Researcher: “We’ve made incremental progress in understanding this fascinating machine,” says Liu. “We hope to continue to work on this for decades to solve how the flagella of different bacteria uniquely evolved. We’ve just touched the tip of the iceberg of understanding this beautiful structure.”
Schulz: This third paper (Part 3) concludes the three-part study with original observations. The observations include an ontology of the exceedingly specific protein binding relationships in the flagellum. … Finally, it is suggested that a motility organelle of this scope and scale seems profoundly unlikely to naturally evolve in the absence of foresight and mindful intent.
Pultz: Empirical evidence (from the world of engineering) supports the assumption that complex functional systems like motors do not arise via random changes to already existing systems. Empirical evidence, even from biology itself, also supports the common knowledge that random changes to functional systems disturb, disrupt, or destroy function.
The flagellum is a good example of what doesn’t work in purely naturalist explanations. None of it happened by chance unless you think masses of information can just suddenly pop into existence by chance. Wouldn’t that be magic? Miracle?
Question: If the last common ancestor of the bacterium had a flagellum, what do we really know about the evolution of the flagellum? Isn’t that a bit like finding a stone laptop in a Neanderthal cave? That said, it’s nice to see horizontal gene transfer getting proper recognition.
Darwinism’s key strength is that it is much simpler and more straightforward than life forms are.
As more of this type of information becomes available, expect the topic of irreducible complexity to be no longer discussable. When it can’t be debunked, it can be ruled undiscussable.
Now at last, courtesy a science preprint, we have a name that makes sense to us. The “irreducible complexity community” — the ICs.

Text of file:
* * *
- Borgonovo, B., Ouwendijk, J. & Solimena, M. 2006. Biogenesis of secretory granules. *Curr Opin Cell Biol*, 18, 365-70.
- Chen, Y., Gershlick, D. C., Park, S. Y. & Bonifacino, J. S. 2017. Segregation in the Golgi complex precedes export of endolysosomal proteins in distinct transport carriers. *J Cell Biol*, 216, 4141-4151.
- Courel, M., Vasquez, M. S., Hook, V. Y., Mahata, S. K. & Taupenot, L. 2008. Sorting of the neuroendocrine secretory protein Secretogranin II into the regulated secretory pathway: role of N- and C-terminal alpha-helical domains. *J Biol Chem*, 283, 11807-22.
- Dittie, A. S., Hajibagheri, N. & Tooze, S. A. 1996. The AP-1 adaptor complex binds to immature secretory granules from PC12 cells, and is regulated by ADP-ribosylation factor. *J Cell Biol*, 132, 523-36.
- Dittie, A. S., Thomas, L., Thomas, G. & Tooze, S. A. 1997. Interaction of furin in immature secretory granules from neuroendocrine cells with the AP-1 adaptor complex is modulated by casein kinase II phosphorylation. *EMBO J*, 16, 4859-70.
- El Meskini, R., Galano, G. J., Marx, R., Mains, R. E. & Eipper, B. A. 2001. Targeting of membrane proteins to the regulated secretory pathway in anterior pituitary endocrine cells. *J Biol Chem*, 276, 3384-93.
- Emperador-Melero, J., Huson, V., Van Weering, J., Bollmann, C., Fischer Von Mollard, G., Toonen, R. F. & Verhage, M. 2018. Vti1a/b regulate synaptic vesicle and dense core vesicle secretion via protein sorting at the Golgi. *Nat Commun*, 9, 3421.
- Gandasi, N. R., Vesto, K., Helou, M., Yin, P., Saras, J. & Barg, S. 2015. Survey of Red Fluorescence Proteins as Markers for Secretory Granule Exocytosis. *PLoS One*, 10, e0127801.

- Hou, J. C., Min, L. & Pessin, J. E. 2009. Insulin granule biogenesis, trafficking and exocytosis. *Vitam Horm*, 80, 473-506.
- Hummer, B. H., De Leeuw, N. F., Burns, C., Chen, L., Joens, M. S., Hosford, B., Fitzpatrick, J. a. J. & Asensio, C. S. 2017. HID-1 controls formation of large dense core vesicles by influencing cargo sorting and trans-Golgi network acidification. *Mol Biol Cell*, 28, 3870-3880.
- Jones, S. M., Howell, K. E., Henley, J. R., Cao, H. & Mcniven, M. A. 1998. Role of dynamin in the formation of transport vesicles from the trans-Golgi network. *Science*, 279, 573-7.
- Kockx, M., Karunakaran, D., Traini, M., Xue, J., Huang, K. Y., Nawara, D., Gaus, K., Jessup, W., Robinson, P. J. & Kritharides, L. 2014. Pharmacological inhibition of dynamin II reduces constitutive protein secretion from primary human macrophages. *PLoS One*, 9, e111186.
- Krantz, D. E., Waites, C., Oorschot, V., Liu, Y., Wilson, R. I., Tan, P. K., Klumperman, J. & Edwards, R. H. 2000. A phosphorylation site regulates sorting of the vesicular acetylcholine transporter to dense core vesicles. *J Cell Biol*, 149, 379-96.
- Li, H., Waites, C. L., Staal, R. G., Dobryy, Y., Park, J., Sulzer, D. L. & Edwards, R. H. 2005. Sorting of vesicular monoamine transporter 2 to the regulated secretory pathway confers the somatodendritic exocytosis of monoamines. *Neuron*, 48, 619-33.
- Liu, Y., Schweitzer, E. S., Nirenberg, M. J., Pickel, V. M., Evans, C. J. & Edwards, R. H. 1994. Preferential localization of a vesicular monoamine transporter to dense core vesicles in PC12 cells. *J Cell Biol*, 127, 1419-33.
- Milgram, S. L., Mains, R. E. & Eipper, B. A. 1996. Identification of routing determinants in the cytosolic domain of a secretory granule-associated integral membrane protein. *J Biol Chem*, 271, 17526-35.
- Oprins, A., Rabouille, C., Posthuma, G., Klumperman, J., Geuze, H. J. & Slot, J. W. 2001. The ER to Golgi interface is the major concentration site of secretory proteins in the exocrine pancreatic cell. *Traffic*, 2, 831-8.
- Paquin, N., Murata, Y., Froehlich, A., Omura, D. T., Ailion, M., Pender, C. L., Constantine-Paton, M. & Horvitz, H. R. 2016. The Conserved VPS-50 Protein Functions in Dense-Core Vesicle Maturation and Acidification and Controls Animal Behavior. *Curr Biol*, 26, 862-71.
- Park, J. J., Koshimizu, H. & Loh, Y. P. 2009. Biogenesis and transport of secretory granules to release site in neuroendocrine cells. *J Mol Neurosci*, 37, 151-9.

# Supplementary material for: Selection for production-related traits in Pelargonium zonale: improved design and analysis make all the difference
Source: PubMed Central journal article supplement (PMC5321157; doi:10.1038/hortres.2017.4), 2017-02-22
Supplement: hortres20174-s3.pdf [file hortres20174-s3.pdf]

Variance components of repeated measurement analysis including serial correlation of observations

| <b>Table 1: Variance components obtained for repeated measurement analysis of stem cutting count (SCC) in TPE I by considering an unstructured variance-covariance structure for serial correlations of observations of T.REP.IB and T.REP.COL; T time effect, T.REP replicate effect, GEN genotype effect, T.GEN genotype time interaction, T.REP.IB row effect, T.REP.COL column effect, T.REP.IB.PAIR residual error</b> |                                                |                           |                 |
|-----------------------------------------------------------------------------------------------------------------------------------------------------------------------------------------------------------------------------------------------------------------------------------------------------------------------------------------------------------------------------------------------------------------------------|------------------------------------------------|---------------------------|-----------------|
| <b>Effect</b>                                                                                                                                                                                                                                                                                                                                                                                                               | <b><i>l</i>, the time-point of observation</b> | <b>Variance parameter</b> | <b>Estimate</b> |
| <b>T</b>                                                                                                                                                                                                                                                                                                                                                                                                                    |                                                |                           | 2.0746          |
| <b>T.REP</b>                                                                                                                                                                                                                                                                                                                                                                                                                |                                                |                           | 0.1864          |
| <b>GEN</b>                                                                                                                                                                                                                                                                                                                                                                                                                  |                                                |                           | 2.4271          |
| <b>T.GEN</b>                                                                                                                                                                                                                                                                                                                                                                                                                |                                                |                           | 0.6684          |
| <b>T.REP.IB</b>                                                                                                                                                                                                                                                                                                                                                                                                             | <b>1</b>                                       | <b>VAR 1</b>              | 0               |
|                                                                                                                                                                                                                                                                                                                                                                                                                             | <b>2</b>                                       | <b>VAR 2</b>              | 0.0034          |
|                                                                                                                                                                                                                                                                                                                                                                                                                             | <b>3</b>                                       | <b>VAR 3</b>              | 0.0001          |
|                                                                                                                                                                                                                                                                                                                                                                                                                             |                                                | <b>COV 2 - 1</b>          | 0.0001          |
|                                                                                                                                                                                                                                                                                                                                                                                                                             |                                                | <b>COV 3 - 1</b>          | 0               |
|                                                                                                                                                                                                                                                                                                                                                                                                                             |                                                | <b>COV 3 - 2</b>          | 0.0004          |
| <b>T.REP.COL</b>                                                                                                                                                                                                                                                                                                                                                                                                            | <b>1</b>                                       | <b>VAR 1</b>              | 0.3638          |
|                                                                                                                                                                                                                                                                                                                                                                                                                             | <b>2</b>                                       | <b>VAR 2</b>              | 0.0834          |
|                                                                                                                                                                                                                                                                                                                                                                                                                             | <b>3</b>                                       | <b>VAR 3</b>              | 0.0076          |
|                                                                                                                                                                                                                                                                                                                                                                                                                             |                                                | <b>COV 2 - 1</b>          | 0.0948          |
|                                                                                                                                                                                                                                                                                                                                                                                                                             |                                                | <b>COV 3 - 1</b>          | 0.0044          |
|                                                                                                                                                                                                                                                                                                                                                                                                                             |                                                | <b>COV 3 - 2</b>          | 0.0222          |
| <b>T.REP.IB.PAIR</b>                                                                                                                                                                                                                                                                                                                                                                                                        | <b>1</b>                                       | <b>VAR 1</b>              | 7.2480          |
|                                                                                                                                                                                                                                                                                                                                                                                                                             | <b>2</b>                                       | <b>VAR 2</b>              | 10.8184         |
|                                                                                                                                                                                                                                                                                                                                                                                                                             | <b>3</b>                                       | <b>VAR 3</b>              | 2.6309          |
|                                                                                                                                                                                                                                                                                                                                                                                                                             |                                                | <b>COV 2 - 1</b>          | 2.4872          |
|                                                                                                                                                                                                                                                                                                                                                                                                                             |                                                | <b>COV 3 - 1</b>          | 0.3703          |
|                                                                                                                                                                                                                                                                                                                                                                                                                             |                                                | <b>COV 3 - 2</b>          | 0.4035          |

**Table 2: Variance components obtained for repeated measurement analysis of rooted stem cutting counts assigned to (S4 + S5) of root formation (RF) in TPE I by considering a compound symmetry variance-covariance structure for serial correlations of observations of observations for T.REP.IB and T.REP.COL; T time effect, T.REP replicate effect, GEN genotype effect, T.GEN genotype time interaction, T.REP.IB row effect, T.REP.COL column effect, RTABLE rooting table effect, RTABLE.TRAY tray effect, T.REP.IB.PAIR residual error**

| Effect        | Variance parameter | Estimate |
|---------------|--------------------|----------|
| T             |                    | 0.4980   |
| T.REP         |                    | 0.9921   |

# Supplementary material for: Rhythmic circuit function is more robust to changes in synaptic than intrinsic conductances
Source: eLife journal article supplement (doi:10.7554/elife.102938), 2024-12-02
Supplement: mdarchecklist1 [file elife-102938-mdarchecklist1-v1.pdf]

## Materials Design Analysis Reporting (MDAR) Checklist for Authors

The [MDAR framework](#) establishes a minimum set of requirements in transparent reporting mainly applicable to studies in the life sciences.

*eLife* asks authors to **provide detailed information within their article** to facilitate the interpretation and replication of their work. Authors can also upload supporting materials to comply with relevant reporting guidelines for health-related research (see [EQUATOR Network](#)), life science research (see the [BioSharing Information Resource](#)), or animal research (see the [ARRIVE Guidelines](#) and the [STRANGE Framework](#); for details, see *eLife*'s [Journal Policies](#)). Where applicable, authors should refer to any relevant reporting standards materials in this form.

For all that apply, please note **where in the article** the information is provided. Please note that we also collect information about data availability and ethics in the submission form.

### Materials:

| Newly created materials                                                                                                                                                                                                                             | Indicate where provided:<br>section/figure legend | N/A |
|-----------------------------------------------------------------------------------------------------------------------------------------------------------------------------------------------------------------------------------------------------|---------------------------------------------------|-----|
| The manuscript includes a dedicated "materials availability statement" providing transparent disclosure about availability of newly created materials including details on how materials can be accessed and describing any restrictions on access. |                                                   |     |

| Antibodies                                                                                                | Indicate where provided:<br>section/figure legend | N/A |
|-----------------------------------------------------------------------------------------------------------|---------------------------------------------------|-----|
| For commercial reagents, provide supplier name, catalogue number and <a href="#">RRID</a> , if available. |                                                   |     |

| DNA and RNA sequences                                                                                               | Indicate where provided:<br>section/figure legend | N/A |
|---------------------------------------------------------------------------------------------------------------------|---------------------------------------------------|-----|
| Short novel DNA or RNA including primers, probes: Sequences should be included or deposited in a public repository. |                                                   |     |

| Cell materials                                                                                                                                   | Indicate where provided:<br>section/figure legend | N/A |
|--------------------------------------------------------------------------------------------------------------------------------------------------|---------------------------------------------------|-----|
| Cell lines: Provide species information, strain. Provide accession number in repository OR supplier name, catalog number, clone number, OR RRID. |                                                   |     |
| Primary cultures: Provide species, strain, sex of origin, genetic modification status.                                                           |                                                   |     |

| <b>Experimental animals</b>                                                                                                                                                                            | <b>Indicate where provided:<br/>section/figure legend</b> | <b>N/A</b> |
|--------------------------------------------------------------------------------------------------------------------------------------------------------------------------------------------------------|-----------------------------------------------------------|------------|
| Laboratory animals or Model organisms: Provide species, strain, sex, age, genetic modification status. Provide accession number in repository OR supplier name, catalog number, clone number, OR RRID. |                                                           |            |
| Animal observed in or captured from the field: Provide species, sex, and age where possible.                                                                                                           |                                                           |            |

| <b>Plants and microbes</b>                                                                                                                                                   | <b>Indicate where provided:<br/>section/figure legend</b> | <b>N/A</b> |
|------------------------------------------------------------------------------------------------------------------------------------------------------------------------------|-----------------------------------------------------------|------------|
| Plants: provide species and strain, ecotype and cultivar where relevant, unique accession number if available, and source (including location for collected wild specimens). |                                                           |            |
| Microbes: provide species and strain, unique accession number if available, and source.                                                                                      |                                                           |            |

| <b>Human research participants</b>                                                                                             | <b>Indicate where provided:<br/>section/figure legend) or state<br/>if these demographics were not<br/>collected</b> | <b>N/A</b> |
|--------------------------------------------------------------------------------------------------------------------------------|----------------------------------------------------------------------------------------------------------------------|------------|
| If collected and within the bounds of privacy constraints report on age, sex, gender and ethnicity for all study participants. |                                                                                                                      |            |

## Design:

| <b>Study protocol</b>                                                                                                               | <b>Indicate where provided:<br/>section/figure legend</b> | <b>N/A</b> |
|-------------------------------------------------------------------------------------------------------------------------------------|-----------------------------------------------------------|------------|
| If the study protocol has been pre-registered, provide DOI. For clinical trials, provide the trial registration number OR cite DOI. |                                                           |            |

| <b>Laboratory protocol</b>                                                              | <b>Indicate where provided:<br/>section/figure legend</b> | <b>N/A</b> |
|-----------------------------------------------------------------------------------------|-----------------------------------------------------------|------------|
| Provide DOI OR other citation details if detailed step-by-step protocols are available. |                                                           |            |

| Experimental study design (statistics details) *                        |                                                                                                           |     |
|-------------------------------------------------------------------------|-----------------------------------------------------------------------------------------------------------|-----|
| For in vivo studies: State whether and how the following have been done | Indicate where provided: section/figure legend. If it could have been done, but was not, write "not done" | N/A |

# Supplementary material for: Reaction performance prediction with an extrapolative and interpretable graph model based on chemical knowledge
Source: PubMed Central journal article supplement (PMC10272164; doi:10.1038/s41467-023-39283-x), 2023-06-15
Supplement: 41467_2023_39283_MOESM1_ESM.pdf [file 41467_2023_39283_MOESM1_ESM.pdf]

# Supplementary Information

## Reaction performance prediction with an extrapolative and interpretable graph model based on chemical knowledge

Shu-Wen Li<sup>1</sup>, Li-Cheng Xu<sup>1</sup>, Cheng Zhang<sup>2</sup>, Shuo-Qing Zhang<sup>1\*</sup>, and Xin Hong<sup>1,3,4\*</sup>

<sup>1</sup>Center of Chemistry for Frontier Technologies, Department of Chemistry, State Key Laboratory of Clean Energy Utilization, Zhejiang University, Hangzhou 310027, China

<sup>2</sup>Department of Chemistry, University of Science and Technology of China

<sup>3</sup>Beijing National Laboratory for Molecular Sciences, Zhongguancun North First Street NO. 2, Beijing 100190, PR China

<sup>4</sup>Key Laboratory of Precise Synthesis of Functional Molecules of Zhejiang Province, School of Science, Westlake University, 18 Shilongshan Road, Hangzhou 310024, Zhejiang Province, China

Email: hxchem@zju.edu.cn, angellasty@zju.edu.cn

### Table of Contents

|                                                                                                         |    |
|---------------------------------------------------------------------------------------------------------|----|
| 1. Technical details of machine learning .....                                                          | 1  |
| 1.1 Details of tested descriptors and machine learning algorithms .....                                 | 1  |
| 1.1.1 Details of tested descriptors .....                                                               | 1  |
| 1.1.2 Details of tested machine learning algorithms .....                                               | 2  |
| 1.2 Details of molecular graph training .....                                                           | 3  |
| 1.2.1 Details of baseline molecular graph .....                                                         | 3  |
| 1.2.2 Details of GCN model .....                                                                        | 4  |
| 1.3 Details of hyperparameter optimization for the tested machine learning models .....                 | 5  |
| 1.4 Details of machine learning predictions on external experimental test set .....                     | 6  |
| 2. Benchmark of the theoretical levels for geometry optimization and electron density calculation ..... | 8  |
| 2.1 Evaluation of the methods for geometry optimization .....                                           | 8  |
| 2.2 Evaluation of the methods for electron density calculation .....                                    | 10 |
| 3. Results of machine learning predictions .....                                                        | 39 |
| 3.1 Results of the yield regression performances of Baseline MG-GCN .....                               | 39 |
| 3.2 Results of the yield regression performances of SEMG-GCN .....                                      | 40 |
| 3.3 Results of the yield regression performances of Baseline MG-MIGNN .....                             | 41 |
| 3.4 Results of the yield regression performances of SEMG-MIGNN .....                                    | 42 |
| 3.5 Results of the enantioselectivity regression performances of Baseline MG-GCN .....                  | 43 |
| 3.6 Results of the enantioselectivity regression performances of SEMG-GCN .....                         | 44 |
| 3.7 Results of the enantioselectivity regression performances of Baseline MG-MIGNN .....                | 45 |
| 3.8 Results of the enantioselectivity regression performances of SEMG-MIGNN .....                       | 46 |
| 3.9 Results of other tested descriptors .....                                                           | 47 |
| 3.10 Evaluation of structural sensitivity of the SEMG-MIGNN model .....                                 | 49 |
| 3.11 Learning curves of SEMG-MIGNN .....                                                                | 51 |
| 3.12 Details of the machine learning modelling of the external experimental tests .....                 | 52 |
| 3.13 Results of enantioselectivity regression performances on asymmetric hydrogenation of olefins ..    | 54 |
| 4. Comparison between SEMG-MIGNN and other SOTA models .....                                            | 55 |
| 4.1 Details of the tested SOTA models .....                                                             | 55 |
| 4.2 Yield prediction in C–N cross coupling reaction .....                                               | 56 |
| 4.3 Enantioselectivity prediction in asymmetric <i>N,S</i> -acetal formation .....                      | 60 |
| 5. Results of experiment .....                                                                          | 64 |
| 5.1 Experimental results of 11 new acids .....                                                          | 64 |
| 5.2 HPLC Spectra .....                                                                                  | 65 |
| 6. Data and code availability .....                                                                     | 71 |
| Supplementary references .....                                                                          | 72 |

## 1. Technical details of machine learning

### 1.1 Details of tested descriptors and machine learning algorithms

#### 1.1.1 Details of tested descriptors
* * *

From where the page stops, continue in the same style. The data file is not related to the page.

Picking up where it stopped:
Our universe seems fine-tuned for life to come into existence, as Michael Denton stresses. If so, life may indeed inhabit other planets. If people believe that there is intelligent life on other planets in the galaxy, the best theory to support it, absent evidence at present, is intelligent design.
Researchers: “To build the machinery that enables bacteria to swim, over 50 proteins have to be assembled according to a logic and well-defined order to form the flagellum, the cellular equivalent of an offshore engine of a boat.” They ADMIT this? It sounds like a Recovery Meeting.
In October 2006, Nick Matzke, a name not unfamiliar to denizens of UD, and Mark Pallen co-authored a review article for Nature Review of Microbiology regarding the status of research into the evolutionary origins of the bacterial flagellum. Matzke and Pallen felt the need to write such an article because since the publication of Michael Read More…
Here’s an example of what Michael Behe is (actually) talking about in Darwin Devolves The evolution strategy “Break or blunt any functional coded element whose loss would yield a net fitness gain”: Eleven authors writing in PLOS Biology found that “γ-proteobacteria eject their polar flagella under nutrient depletion, retaining flagellar motor relic structures.” When there’s Read More…
The world of Darwinian evolution features so many exceptionally clever animals that are nothing like the humdrum creatures we must tie down or tranquilize in order to help. And the profs just attribute it all to natural selection, as if that would explain anything in a situation where some prevision seems required.
This week’s post at Design Disquisitions is the first in a series of articles entitled ‘Critic’s Corner’ where I focus on a critic of ID. The main purpose of these posts is to document their work relevant to ID and also to document the direct responses to the particular critic in question, by those sympathetic to Read More…